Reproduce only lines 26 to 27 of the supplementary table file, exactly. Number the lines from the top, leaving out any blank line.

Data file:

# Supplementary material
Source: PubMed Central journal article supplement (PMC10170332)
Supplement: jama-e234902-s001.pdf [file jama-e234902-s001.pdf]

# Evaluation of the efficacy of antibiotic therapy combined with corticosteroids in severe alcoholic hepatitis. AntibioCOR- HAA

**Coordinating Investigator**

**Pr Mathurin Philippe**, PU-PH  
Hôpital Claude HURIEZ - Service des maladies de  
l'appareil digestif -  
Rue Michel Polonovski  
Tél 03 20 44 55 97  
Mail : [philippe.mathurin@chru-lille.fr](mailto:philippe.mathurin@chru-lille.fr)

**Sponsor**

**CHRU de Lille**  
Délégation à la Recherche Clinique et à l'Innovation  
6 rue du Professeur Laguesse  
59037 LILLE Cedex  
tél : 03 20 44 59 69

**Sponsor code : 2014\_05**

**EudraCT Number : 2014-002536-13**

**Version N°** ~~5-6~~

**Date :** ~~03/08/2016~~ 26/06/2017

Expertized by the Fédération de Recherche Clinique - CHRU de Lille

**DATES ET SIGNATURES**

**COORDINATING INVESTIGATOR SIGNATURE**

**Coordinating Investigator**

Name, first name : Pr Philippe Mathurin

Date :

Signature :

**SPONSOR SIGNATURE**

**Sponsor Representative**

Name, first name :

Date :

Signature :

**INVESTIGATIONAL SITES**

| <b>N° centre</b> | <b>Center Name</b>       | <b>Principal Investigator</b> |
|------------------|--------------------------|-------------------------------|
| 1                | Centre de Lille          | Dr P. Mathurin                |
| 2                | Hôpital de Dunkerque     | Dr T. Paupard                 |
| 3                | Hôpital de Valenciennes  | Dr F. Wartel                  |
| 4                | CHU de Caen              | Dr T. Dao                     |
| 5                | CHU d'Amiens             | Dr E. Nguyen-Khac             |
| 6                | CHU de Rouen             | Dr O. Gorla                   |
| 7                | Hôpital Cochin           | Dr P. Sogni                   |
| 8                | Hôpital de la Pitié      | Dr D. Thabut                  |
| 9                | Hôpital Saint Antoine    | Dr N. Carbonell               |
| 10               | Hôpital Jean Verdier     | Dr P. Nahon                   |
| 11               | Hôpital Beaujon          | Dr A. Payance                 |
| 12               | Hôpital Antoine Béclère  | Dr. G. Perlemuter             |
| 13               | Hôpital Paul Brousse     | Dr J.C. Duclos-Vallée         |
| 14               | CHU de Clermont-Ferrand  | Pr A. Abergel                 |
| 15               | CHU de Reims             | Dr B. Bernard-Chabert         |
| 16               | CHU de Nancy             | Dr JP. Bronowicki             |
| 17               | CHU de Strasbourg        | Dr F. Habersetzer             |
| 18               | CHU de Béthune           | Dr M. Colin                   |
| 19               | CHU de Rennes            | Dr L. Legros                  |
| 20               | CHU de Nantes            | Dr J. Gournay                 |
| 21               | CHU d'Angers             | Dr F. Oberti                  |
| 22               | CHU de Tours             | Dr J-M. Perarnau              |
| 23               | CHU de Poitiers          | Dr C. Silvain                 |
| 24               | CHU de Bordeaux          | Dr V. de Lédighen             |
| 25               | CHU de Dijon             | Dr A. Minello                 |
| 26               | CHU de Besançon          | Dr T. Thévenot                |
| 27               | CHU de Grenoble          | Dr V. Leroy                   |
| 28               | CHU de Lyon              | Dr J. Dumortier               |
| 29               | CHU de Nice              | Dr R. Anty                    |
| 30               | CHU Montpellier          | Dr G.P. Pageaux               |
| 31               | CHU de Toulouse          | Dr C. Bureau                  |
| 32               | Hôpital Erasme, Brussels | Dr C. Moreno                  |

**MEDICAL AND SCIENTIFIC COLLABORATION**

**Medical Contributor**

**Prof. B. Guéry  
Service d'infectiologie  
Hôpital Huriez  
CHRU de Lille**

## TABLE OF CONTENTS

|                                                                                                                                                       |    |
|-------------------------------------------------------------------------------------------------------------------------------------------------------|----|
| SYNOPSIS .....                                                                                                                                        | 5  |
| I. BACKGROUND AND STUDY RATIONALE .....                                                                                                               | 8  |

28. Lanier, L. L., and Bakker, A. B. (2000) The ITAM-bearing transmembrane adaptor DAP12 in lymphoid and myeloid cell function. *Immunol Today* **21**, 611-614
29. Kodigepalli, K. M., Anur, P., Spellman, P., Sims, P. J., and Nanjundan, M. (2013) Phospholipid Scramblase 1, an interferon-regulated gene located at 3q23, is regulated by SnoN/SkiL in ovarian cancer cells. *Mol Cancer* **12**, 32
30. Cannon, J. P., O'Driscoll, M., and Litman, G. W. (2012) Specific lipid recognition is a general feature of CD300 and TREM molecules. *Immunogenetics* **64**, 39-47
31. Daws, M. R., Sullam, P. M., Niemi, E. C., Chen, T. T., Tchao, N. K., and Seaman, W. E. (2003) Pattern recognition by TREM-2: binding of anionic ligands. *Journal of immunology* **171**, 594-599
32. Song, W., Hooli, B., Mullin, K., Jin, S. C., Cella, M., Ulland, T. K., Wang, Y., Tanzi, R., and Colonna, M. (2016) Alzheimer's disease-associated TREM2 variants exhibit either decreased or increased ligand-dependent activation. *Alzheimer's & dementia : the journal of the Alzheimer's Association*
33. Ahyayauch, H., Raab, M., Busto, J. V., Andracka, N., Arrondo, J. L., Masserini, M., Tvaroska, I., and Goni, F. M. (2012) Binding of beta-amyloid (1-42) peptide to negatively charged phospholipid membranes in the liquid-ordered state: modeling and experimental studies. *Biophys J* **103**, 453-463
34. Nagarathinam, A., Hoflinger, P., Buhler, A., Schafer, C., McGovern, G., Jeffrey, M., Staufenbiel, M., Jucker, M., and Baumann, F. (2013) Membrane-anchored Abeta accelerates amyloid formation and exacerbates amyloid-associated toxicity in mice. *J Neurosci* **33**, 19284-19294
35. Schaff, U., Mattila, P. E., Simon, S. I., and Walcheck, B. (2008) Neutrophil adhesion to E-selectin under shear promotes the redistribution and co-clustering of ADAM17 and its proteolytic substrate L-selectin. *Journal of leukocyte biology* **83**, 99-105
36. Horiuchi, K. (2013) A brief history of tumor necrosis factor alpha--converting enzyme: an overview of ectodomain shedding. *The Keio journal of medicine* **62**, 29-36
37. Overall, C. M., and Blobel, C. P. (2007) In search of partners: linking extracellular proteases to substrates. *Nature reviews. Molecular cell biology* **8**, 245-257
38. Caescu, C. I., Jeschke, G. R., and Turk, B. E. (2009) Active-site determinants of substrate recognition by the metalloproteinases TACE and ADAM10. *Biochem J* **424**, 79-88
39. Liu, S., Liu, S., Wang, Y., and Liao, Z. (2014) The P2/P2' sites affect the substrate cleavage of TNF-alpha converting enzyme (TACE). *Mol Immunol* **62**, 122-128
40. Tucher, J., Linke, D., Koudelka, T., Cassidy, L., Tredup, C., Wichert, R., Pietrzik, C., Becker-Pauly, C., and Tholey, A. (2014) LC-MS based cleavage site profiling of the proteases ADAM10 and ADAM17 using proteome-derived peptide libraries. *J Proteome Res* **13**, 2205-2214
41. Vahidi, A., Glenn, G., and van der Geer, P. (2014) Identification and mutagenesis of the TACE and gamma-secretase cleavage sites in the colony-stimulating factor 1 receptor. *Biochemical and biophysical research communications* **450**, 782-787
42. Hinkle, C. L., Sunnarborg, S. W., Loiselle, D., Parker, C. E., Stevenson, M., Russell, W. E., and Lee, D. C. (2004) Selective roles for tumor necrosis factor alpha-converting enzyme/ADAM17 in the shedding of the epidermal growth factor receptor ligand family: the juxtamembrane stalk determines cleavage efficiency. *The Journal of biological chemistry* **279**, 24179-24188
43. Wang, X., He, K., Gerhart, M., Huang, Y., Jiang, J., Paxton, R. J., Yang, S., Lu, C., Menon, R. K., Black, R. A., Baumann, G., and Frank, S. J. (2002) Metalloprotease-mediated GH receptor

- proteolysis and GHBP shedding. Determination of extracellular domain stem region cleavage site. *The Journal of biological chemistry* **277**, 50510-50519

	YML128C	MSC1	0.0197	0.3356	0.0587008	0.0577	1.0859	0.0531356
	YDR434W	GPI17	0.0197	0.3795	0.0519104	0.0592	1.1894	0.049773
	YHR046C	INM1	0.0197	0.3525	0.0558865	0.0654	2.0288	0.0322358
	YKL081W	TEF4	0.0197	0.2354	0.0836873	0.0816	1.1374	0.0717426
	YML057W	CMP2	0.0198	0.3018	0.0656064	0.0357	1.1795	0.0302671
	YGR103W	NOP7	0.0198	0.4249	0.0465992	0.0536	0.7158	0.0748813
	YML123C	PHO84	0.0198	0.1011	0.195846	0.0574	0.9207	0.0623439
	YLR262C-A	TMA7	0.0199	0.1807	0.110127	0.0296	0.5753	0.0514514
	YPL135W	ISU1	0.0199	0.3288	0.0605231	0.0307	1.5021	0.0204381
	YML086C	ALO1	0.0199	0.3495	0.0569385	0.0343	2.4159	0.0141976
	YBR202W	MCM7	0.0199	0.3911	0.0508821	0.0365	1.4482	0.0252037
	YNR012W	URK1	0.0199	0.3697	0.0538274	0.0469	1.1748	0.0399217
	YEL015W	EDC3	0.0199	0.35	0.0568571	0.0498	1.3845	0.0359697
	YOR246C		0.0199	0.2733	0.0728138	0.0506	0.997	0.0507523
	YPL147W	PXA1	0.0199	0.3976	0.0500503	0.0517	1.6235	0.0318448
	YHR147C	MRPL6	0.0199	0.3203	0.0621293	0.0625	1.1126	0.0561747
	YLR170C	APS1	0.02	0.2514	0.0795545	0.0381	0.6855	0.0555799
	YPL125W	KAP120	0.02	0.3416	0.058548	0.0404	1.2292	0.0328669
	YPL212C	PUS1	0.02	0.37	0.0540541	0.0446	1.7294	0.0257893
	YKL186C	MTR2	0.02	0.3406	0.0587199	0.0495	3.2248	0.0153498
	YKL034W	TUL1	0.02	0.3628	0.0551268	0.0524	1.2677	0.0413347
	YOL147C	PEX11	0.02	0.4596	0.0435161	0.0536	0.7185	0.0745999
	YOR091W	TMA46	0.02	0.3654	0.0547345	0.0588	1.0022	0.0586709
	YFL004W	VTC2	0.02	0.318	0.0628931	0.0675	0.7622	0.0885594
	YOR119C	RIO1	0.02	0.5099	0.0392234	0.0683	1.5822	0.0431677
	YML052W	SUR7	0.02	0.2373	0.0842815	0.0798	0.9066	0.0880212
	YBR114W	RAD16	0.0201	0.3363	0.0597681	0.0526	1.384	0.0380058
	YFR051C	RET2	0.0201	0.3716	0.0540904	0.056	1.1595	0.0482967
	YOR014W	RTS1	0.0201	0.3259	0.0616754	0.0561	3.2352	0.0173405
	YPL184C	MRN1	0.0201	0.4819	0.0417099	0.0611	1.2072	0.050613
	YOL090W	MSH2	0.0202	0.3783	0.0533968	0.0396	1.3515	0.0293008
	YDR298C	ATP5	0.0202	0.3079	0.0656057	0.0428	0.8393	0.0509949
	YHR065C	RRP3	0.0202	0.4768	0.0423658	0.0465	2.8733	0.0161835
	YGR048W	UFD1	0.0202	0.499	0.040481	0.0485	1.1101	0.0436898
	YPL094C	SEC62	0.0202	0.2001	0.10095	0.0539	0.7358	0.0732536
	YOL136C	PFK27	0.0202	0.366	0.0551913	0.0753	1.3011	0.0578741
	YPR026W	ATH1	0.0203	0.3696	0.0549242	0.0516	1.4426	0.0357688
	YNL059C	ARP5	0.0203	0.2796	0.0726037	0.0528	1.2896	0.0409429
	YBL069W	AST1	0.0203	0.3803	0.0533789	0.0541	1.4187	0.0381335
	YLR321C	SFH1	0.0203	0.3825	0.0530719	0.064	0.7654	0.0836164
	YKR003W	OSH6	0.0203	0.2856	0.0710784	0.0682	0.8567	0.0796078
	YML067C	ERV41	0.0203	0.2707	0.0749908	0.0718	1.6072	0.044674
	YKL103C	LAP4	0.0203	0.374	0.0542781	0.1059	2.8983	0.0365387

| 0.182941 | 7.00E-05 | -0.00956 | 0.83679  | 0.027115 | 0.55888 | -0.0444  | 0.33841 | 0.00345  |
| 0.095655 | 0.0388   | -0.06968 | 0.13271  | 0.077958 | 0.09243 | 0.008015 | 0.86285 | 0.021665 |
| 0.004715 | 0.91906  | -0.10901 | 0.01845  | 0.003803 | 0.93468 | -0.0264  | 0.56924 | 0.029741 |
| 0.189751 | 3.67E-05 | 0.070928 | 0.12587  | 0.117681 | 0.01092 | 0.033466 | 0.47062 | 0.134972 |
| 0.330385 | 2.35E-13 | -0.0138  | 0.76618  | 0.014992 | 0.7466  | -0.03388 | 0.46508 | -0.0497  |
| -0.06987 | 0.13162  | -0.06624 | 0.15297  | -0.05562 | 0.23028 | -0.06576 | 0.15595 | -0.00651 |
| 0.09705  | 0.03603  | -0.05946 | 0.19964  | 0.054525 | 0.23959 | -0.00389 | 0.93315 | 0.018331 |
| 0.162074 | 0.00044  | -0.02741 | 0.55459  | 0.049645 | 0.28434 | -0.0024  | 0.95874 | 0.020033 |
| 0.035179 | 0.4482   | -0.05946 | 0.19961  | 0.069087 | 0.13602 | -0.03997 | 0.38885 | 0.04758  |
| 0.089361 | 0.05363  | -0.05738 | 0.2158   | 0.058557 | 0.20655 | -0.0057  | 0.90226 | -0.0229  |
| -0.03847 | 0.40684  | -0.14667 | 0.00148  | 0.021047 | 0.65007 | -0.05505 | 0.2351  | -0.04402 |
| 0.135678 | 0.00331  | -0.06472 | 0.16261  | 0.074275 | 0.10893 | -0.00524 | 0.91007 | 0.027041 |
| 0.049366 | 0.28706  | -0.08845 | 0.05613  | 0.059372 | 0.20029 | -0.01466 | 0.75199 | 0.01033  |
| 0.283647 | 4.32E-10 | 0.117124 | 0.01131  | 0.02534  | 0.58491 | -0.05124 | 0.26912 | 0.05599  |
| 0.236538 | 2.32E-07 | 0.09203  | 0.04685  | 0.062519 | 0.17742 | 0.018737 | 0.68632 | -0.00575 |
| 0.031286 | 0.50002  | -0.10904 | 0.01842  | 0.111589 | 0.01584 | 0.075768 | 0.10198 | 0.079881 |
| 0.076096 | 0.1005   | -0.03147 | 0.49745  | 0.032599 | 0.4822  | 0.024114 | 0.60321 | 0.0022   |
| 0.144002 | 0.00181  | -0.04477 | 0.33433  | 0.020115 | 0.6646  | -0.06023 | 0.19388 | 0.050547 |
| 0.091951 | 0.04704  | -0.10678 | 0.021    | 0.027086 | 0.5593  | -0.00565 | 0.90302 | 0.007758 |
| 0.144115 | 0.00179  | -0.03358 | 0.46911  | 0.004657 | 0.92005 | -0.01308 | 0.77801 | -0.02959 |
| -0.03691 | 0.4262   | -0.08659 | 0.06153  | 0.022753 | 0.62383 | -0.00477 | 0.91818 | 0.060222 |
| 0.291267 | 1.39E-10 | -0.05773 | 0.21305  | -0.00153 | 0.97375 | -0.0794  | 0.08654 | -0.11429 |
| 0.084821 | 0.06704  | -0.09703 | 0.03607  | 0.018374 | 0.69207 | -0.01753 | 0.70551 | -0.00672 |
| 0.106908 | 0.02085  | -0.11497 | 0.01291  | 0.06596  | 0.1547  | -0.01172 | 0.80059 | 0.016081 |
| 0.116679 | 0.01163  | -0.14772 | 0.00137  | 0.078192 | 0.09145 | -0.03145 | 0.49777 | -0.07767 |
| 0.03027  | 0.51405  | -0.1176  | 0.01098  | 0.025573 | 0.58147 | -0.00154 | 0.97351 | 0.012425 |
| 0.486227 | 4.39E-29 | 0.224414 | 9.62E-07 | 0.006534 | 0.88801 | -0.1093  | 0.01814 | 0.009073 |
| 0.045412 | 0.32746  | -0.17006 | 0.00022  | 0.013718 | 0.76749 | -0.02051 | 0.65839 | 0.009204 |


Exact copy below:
Name, first name : Pr Philippe Mathurin

Date :